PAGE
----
Northern lights

The guide for Aurora Hunter

What are the Northern lights? When can you see them? How do you predict them and not miss your opportunity to see them? Read this article, and prepare for the show of the North.

What are the Northern Lights?

The aurora borealis, commonly called the northern lights, is an observable natural phenomenon that occurs primarily in high-latitude areas, particularly in the Arctic. Auroras happen in dynamic patterns of scintillating lights that envelop the sky through curtains, rays, spirals, or dynamic flickers.

Auroras arise due to perturbations in the magnetosphere induced by the solar wind. Significant perturbations arise due to accelerations in the velocity of the solar wind caused by coronal holes and coronal mass ejections. These disturbances modify the trajectories of charged particles within the magnetospheric plasma. Precipitation of these particles, predominantly protons and electrons, occurs in the thermosphere and exosphere of the upper atmosphere.

Ionization and excitation of atmospheric components result in light emission with a wide range of hues and complexities. The acceleration applied to the precipitating particles also influences the configuration of the aurora, which manifests in bands surrounding both polar regions.

Auroras are observed on most planets within the Solar System and on certain natural satellites, brown dwarfs, and comets.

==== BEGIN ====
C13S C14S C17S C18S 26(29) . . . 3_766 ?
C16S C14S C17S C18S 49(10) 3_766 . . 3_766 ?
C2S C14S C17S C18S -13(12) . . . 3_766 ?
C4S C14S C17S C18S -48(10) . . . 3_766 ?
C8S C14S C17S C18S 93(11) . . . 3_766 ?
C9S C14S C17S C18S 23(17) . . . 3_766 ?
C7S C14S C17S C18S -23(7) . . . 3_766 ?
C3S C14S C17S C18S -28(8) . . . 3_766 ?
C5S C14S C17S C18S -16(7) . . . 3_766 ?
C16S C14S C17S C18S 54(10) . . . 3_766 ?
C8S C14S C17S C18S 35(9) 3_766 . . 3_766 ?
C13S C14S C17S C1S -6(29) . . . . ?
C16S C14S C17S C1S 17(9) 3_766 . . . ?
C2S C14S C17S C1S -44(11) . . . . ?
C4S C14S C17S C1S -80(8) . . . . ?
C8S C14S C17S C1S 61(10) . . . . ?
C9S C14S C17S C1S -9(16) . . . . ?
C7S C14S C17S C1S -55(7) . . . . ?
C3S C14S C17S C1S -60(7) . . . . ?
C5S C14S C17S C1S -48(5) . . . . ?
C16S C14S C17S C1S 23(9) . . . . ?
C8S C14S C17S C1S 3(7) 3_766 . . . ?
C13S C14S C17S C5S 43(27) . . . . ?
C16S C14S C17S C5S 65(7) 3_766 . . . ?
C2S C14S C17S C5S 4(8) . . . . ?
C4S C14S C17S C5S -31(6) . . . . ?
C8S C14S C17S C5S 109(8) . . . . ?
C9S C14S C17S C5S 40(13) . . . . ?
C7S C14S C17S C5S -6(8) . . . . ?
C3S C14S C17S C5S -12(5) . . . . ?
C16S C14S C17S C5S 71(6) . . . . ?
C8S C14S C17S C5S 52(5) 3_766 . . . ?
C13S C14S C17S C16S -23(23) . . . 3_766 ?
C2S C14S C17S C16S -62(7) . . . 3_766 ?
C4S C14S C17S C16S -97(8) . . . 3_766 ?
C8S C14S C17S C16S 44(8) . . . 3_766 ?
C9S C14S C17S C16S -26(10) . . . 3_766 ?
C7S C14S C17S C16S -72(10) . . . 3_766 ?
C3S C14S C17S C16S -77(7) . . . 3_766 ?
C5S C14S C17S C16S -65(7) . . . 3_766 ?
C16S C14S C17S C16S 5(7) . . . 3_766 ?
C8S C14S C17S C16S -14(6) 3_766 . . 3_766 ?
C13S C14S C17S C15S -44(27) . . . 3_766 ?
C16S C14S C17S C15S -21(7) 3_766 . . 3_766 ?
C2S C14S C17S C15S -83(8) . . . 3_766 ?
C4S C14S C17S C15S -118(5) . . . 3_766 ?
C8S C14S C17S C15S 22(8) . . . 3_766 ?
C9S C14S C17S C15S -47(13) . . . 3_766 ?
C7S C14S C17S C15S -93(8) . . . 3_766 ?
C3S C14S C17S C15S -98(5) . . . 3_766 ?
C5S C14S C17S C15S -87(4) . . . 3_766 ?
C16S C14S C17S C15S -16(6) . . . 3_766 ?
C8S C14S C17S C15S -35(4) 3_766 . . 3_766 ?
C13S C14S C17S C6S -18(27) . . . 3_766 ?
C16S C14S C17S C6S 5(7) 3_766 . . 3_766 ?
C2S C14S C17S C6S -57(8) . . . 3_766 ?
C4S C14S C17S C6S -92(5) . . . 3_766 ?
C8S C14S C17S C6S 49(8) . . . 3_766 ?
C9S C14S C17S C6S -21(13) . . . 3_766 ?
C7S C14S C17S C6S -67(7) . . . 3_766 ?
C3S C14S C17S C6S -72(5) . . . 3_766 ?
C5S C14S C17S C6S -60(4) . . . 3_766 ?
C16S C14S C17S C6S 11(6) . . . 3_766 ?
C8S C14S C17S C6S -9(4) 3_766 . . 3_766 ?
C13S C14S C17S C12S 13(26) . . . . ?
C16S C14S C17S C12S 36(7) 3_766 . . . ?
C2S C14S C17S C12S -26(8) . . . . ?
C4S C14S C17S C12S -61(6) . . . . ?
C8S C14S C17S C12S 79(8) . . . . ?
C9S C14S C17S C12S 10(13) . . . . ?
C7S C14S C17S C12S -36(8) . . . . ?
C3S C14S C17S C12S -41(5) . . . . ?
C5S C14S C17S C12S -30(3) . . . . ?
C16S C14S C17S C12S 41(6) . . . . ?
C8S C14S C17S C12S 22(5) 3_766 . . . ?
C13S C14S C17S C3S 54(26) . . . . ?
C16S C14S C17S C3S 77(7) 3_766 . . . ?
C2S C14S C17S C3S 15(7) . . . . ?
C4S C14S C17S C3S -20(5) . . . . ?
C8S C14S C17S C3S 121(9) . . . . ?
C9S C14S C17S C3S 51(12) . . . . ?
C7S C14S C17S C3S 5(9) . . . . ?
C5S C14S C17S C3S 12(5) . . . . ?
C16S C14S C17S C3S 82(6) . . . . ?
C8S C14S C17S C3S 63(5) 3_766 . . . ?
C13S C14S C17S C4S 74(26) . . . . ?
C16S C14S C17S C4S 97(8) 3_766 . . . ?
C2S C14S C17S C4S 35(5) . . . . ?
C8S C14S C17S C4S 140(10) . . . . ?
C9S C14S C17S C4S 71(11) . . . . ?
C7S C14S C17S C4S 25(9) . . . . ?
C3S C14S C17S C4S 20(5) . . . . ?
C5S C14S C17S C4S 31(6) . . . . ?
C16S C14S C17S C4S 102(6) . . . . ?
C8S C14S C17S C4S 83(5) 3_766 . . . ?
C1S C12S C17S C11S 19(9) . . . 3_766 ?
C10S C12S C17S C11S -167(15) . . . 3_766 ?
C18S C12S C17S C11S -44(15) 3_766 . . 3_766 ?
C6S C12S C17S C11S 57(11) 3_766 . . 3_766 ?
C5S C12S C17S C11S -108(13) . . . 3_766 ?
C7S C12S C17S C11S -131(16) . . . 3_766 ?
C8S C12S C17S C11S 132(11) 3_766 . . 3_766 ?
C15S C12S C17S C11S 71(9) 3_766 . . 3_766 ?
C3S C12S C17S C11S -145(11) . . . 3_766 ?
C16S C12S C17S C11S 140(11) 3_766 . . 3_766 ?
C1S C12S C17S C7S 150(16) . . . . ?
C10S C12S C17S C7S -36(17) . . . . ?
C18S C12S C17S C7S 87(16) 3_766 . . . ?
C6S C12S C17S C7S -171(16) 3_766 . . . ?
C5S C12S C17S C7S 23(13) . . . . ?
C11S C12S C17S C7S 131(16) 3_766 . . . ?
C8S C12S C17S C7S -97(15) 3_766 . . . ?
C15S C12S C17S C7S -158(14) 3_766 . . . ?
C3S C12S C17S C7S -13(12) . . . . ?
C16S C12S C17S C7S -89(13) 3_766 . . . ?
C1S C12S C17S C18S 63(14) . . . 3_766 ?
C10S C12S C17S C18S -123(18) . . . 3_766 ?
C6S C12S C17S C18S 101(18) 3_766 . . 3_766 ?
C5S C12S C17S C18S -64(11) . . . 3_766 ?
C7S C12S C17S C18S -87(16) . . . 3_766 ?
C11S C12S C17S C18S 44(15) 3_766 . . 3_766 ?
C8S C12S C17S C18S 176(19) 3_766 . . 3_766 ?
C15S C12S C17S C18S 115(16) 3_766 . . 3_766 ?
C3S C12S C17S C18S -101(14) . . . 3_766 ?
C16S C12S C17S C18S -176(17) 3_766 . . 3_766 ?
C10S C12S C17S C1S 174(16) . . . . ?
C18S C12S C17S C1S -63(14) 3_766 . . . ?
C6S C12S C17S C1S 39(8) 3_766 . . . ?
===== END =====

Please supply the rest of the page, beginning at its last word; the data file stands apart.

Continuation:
When can I see them?

Between September and March, the auroras are visible in Northern Lapland virtually every other clear night, whereas, in southern Finland, they are only visible from 10 to 20 nights per year. You can observe the Northern Lights if you travel north wherever the night sky appears clear and celestial, which is any location near or above the Arctic Circle.

Is there any forecast?

Yes, there are. Request “Aurora forecast” or “Northern Lights Forecast” to your search engine, and enjoy the list of websites.

For example, ISES RWC Finland provides real-time information regarding the intensity of geomagnetic disturbances in Finland. A strong connection exists between geomagnetic activity and auroras. Auroras will likely be observed when the activity level surpasses a location-specific threshold. As a nowcasting tool, monitoring magnetic activity is as follows: it is time to watch the sky when activity reaches a “red” level in the service provided by the station in closest proximity. The service also broadcasts images from All Sky cameras in Finland at night.

It might be good to have an application for observations that provides notifications about possible Northern Lights. Student chats are often immediately blown up with messages and photos when the Northern Lights appear.

Tips for Aurora Hunter

Locate an open, dark area, preferably distant from the city lights. Determine whether or not you can see auroras without obstruction to spot them predominantly on the northern horizon.

Wear warm clothing. Remember that Northern lights may occur for 15 minutes and disappear for a few months!

If you live on the LUT campus, you can go to the pier near the university or any other shore of Saimaa Lake.

How do you picture them?

Nowadays, most of the newest phone models will allow us to picture northern lights in night mode with long shutters. However, quality might not be the best. Remember to keep your phone stable and turn off flash.

Action cameras like GoPro have special modes for night timelapse. Just find it, fix your camera, and turn it on. The video by Art Merikotka below is an example from September 2023, shot from the balcony on campus.

It’s a bit different and a much more vibrant video from March 2024 from the same spot.

For more serious cameras, you can search for guides like this or that. Maybe once you take photos like the one below: a picture by Joni Tuohimaa made in Oulu.